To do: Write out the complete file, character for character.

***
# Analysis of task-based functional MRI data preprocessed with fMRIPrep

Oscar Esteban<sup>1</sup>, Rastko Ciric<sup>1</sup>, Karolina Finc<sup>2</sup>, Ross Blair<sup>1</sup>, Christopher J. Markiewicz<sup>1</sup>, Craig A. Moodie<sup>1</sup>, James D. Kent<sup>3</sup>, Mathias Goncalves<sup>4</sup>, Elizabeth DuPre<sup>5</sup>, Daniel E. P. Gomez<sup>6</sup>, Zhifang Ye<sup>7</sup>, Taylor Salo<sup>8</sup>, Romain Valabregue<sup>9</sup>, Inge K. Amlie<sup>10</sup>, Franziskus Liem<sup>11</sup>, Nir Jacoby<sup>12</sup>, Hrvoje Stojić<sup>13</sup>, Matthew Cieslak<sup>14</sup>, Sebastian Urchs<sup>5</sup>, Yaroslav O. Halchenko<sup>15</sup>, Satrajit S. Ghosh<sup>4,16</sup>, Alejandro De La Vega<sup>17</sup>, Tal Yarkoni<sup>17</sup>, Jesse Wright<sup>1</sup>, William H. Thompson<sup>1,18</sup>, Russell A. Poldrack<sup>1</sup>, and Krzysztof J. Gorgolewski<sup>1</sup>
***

# Analysis of task-based functional MRI data preprocessed with fMRIPrep

Oscar Esteban<sup>1</sup>, Rastko Ciric<sup>1</sup>, Karolina Finc<sup>2</sup>, Ross Blair<sup>1</sup>, Christopher J. Markiewicz<sup>1</sup>, Craig A. Moodie<sup>1</sup>, James D. Kent<sup>3</sup>, Mathias Goncalves<sup>4</sup>, Elizabeth DuPre<sup>5</sup>, Daniel E. P. Gomez<sup>6</sup>, Zhifang Ye<sup>7</sup>, Taylor Salo<sup>8</sup>, Romain Valabregue<sup>9</sup>, Inge K. Amlie<sup>10</sup>, Franziskus Liem<sup>11</sup>, Nir Jacoby<sup>12</sup>, Hrvoje Stojić<sup>13</sup>, Matthew Cieslak<sup>14</sup>, Sebastian Urchs<sup>5</sup>, Yaroslav O. Halchenko<sup>15</sup>, Satrajit S. Ghosh<sup>4,16</sup>, Alejandro De La Vega<sup>17</sup>, Tal Yarkoni<sup>17</sup>, Jesse Wright<sup>1</sup>, William H. Thompson<sup>1,18</sup>, Russell A. Poldrack<sup>1</sup>, and Krzysztof J. Gorgolewski<sup>1</sup>